Austrian virtuoso proves a fitting end to Utzon chamber music recitals.

Utzon Room, Sydney Opera House

November 9, 2014

Before taking up the clarinet 25-year-old Austrian virtuoso Andreas Ottensamer learnt piano and cello and the ties are still strong as this last concert in the Utzon Series showed.

Some of the pieces raided the piano repertoire and a few of them were arranged for the Berlin Philharmonic’s principal clarinet by his colleague in the orchestra, cellist Stephan Koncz.

The recital, which also featured brilliant 21-year-old Australian pianist Alex Raineri, opened with Australian composer Arthur Benjamin’s rather free but irresistible arrangement of three of Domenico Cimarosa’s keyboard sonatas into a concerto, originally for oboe then for clarinet.

If this work served to illustrate Ottensamer’s beautiful rounded tone and to show off the instrument’s singing quality, Krzysztof Penderecki’s 1959 work Three Miniatures, which predated his groundbreaking Threnody by a year, found the soloist in a different mood. His smooth and precise fingering and superb breath control made the quirky Bartokian rhythms and wild leaping passages seem simple, and Raineri proved an empathetic accompanist.

Claude Debussy’s Girl With the Flaxen Hair, arranged by Koncz, proved a delicious sorbet after this astringent fare before the Gallic charm of Francis Poulenc’s gorgeous Sonata for clarinet and piano, with its quotes from his Gloria and the swoon-worthy Romanza slow movement, closed the first half.

The second was announced with George Gershwin’s Prelude No.1, which in this arrangement, again by Koncz, sounded even more like Rhapsody In Blue than ever with its slurred, bluesy Benny Goodman jazz arpeggios.

“Welcome to the American half,” Ottensamer quipped.

Of the three other pieces on the program only one of them was truly American, Amy Marcy Beach’s Berceuse, a lovely lullaby with a folksong’s simplicity.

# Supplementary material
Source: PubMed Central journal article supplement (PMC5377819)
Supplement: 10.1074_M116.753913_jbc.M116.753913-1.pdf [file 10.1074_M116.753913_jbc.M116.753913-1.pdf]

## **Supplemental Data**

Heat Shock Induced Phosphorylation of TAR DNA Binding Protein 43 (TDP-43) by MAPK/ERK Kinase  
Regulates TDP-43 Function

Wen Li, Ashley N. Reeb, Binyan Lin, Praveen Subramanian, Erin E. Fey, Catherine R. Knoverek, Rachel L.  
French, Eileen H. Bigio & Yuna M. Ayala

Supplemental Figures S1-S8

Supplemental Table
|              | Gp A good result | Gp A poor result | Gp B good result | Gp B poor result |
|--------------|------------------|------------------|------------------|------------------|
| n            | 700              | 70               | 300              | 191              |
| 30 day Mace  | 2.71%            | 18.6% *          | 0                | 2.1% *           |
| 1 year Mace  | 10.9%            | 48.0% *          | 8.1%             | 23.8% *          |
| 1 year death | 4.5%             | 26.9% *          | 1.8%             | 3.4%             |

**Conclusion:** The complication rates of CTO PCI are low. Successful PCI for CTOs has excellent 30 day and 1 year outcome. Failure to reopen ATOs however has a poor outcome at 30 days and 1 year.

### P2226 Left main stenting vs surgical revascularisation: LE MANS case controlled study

Blind Welsh composer Alec Templeton emigrated to the US in the 1930s because of his interest in jazz. He melded with his classical training for his “hit” Bach Goes To Town.

His Pocket-size Sonata No 2, adeptly handled by Ottensamer and Raineri, put a smile on the audience’s faces.

Viennese-born Joseph Horovitz migrated to London 1938 when Hitler under the Anschluss annexed Austria. He has written several soundtracks for film and TV, most notably the waddling bassoon theme that introduces the Rumpole series.

His Sonatina, composed for clarinetist Gervase de Peyer in 1981, brought the recital to a suitably upbeat close.

Ottensamer’s family is half–Hungarian. Father Ernst and brother Daniel are both solo clarinetists in the Vienna State Opera and Vienna Philharmonic and with Andreas they often appear as a trio called The Clarinotts.

Andreas, who charms the audience with his good looks, facial expressions and a good line in humour, is enjoying a wave of popularity. Last year he signed a deal with Deutsche Grammophon and has one album out on the yellow label.

As an encore, and to give the audience a taste of his next recording, which reflects his Hungarian side, Ottensamer performed a wild folk dance tune.

Then, an added treat and to show off his pianistic skills, he joined Raineri at the Steinway for a hilarious tango.

Ottensamer is the complete deal and this concert proved a fitting end to a magnificent series of chamber music recitals.

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